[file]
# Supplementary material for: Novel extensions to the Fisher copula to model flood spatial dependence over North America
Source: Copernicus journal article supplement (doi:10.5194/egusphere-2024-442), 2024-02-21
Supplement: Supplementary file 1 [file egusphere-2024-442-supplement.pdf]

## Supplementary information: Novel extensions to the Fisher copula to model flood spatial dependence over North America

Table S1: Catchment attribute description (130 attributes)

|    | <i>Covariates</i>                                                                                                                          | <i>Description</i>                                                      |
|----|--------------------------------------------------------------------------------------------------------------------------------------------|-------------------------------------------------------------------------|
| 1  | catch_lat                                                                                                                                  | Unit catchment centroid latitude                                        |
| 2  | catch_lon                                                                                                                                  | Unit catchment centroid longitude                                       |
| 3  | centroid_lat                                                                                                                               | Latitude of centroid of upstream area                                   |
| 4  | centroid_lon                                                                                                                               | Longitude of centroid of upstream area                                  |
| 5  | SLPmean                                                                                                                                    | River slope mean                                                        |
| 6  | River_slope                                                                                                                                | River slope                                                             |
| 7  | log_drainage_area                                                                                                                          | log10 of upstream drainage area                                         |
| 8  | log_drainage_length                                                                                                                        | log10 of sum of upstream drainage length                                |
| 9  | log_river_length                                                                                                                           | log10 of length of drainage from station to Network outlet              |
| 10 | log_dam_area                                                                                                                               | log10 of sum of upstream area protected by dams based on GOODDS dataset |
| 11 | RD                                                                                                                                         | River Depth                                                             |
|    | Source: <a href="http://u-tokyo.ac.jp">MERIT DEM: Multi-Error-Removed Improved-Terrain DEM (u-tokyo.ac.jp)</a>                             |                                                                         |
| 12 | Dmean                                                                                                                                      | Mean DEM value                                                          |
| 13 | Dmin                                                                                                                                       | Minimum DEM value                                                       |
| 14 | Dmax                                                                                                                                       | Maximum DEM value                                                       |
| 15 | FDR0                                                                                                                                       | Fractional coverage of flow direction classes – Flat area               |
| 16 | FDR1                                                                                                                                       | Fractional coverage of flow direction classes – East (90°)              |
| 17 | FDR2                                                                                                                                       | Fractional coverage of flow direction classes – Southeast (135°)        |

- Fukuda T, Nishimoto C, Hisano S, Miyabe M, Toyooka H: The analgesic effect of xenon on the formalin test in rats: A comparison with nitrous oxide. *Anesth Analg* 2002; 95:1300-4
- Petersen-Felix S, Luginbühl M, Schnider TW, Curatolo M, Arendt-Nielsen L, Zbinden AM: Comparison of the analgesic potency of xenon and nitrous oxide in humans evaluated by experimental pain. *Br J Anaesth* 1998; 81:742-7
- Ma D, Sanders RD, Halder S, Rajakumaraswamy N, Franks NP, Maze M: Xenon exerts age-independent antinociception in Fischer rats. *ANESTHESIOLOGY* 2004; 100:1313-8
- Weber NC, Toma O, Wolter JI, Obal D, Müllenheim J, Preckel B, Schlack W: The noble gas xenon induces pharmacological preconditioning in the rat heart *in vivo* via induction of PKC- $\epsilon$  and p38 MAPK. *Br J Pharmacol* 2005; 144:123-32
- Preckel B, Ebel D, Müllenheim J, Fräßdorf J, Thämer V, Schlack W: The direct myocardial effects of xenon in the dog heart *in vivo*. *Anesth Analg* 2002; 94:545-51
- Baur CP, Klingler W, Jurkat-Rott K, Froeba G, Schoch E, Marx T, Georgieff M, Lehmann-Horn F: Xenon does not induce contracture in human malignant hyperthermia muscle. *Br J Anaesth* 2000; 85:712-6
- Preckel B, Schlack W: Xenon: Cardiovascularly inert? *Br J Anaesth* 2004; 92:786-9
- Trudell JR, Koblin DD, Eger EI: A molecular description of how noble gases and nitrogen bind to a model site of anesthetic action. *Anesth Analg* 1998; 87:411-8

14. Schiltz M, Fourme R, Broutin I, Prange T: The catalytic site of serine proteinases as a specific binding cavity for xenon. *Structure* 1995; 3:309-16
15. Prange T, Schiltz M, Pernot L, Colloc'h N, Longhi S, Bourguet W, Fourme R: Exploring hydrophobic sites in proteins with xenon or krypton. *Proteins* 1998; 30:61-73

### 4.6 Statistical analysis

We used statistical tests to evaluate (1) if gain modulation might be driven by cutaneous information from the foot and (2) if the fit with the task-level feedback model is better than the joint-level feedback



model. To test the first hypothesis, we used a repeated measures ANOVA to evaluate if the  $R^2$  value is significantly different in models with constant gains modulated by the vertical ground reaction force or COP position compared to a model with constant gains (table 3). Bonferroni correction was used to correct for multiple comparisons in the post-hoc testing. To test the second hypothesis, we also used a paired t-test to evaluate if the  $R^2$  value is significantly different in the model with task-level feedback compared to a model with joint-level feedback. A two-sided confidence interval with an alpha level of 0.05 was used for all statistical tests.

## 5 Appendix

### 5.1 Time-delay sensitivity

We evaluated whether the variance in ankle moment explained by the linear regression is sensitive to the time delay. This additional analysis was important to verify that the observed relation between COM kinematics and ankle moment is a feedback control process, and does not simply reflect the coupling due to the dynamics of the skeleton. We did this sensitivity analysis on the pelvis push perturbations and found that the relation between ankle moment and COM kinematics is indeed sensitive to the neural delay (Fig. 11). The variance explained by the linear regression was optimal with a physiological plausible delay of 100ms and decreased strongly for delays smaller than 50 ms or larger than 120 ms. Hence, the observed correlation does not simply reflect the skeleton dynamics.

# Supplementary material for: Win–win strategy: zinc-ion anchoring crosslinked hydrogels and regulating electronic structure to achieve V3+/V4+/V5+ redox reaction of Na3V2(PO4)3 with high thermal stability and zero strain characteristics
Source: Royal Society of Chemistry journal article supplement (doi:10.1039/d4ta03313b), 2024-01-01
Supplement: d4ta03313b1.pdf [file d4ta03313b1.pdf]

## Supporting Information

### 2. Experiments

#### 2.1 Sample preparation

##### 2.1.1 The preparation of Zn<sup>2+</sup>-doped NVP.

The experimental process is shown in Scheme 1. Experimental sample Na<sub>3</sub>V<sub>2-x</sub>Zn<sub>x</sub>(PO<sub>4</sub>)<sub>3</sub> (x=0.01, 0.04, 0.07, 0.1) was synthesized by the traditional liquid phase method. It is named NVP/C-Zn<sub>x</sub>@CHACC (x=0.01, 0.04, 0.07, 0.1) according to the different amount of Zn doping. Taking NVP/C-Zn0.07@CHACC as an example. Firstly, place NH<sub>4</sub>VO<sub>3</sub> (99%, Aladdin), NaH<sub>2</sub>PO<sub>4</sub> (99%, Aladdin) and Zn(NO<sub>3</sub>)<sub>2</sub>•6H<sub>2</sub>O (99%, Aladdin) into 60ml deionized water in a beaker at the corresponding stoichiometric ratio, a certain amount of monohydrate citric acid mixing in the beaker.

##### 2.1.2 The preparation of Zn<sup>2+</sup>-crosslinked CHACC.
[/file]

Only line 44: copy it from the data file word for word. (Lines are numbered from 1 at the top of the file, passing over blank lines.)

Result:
Supplement: d4ta03313b1.pdf [file d4ta03313b1.pdf]